patient care perspectives
Resistance or Intolerance to Hydroxyurea in Patients With Polycythemia Vera
Many patients with polycythemia vera (PV) benefit from hydroxyurea therapy, but some develop resistance or intolerance, as manifested by the persistence of elevated blood cell counts and the continuation of disease-related signs and symptoms. As newer second-line options for cytoreduction are being pursued, the need for tolerability over the long-term is recognized.
Director, Mays Cancer Center at UT Health San Antonio MD Anderson
“Recognizing resistance or intolerance to hydroxyurea is important for making appropriate decisions about when to offer patients a second-line therapy.”
The discussions that I have with my patients with PV usually include a review of the goals of cytoreductive therapy, which are to improve disease-related symptoms, prevent the incidence or recurrence of thrombosis, and, ideally, delay or prevent progression to myelofibrosis or transformation to acute myeloid leukemia. The next step is to determine whether these goals have been met—not only the goals of symptom improvement and count reduction, but also, for those patients affected, of reduction of splenomegaly so that it becomes nonpalpable. Then, even if these goals are met, we need to consider: At what cost? Will the tolerability be acceptable to the patient on a day-to-day basis? Approximately 10% of individuals with PV treated with hydroxyurea will have to reduce the dose or stop treatment altogether due to peripheral blood cytopenias, mucositis, leg ulcers, skin cancers, dermatitis, or fever. Patients with leg ulcers tend to be older and they may already have vascular issues, but those ulcers are not going to heal with a dose reduction; hydroxyurea must be discontinued in such individuals. Moreover, patients who fail hydroxyurea therapy have a 5.6-fold increased risk of mortality and a 6.8-fold increased risk of transformation to myelofibrosis or acute myeloid leukemia.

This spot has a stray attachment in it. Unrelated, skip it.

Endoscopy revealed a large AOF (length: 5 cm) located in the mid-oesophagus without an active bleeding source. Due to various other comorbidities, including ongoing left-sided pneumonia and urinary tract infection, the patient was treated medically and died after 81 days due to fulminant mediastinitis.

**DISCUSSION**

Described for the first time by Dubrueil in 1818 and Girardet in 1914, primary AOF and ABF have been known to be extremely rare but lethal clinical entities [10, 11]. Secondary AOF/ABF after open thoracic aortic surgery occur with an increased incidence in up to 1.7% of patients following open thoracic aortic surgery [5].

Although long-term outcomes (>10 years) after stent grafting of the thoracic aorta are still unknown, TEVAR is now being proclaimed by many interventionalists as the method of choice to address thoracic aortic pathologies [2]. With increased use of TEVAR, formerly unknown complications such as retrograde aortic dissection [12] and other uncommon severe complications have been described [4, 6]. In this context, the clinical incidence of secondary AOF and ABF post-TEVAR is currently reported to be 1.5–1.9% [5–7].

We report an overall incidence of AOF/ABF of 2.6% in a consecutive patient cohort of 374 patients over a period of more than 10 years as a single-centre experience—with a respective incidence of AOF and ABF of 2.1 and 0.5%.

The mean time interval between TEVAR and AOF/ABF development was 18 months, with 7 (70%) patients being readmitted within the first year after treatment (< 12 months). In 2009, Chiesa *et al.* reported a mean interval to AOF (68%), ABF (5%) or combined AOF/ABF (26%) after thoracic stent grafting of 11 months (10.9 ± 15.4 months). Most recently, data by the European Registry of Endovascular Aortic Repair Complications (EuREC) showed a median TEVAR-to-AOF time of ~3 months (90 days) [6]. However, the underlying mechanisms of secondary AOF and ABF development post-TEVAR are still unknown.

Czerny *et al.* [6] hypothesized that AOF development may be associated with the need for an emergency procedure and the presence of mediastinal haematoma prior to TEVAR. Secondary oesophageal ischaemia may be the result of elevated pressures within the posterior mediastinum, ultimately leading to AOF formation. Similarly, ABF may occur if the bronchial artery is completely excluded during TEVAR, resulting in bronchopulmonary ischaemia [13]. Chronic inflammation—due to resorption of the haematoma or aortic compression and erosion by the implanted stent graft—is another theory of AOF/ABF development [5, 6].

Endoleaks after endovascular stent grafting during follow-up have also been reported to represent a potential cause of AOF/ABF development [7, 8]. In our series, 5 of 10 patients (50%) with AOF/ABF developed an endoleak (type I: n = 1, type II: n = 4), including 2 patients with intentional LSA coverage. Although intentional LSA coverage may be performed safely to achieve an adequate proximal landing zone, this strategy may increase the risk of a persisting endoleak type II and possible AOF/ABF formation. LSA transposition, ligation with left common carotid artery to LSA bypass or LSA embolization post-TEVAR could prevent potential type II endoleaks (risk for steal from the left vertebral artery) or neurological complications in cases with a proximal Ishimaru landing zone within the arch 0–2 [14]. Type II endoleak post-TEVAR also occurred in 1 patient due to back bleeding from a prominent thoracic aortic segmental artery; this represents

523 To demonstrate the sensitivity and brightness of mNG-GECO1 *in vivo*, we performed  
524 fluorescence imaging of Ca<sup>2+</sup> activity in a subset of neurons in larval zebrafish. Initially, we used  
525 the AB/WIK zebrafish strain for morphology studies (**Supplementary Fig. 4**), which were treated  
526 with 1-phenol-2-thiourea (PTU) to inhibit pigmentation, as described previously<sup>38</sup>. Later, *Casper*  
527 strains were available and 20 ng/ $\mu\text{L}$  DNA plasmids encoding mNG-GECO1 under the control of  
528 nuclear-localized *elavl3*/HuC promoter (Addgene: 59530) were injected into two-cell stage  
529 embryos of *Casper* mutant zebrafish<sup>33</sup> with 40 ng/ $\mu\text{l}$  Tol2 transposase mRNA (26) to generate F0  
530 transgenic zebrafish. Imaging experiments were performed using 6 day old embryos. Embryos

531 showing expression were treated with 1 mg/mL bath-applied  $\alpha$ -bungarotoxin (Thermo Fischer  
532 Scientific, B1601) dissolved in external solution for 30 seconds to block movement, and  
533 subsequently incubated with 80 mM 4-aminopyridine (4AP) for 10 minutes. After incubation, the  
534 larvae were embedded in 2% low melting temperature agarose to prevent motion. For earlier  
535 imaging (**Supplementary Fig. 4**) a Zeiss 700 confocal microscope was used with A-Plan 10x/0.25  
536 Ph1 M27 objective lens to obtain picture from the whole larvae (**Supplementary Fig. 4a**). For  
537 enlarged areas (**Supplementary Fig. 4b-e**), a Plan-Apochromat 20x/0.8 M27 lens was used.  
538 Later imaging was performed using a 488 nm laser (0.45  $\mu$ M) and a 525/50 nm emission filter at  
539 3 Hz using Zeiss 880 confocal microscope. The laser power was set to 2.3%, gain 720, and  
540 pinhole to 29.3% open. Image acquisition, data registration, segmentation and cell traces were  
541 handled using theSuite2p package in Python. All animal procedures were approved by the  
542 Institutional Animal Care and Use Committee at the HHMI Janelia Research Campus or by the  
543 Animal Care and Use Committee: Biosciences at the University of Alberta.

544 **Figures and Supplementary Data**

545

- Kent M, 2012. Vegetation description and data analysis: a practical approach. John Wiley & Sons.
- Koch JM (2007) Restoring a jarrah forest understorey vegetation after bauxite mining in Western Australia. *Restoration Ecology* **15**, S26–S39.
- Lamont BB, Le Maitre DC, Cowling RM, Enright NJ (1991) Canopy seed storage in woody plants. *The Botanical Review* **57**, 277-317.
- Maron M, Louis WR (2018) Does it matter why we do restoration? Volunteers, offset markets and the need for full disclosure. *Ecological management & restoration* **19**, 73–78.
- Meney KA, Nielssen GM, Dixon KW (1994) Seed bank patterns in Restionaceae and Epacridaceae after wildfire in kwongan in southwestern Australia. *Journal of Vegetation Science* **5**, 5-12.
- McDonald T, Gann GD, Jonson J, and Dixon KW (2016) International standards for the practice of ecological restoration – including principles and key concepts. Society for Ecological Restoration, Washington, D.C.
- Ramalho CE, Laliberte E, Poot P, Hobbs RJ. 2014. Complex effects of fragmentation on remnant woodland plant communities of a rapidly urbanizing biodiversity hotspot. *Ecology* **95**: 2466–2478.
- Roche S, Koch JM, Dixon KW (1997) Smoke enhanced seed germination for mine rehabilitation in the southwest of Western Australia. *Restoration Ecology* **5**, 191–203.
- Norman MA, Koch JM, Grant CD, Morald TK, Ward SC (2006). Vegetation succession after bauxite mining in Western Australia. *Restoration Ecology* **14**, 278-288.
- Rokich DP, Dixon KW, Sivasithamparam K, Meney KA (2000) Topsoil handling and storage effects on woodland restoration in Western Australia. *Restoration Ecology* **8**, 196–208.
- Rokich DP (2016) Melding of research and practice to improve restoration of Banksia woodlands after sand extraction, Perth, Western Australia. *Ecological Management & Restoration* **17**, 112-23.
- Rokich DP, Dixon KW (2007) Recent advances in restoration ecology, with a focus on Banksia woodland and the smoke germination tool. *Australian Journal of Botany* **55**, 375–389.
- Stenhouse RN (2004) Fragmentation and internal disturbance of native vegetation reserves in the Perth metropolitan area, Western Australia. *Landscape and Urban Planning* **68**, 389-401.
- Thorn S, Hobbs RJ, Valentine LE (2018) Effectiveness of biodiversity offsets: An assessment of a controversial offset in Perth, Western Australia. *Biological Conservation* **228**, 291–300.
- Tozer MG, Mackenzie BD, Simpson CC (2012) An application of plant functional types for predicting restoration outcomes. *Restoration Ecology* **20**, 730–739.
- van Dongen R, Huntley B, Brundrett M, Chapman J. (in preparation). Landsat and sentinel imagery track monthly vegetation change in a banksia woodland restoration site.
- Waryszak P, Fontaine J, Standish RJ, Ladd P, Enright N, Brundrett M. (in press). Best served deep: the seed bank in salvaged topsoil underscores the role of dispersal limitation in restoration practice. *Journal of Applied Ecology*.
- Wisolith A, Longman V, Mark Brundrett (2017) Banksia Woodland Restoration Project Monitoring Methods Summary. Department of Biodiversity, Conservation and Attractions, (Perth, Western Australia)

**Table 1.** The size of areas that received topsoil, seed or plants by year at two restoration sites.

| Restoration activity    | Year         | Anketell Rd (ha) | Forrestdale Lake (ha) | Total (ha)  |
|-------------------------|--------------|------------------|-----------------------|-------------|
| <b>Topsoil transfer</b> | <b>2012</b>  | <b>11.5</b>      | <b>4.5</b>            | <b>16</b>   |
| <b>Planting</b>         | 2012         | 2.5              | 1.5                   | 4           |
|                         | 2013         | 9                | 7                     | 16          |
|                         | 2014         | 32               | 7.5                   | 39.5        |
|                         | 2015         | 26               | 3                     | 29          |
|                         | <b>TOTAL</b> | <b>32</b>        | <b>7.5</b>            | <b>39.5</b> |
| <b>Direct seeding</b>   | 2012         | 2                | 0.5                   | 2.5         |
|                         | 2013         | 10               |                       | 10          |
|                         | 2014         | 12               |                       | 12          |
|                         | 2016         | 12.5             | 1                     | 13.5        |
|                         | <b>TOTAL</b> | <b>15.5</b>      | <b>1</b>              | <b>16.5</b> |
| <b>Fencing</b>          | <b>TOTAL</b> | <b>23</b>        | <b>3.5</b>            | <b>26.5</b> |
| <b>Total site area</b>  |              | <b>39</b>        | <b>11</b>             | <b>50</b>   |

Recognizing resistance or intolerance to hydroxyurea is important for making appropriate decisions about when to offer patients a second-line therapy. For individuals with PV who are on a daily dose of at least 2 g of hydroxyurea for at least 3 months, resistance/intolerance criteria are considered to be met when they require a continued need for phlebotomy to keep their hematocrit levels under 45% or when they have thrombocytosis, leukocytosis, or no improvement in splenomegaly related symptoms. The next step is choosing the least-toxic therapy for those who are refractory or resistant to hydroxyurea. Ruxolitinib, an inhibitor of Janus kinase 1 (JAK1) and 2 (JAK2), has proven to be superior to standard therapy in controlling the hematocrit, reducing the spleen volume, and improving symptoms associated with PV in patients with hydroxyurea resistance or intolerance. Ruxolitinib also induces normalization of leukocytosis and thrombocytosis. Much of the data on alternative cytoreductive therapies in this patient group come from retrospective analyses or clinical studies originating from a single or few academic centers, with relatively small numbers of patients and short follow-up times. Agents such as interferon-α are being studied in PV and have shown significant success in achieving hematologic responses and decreasing the JAK2 V617F mutation allele burden; however, Nazha and Gerds reported in their review that approximately 25% to 40% of patients who were treated with interferon-α in PV trials discontinued therapy due to side effects, the majority of which occurred in the first year of treatment.
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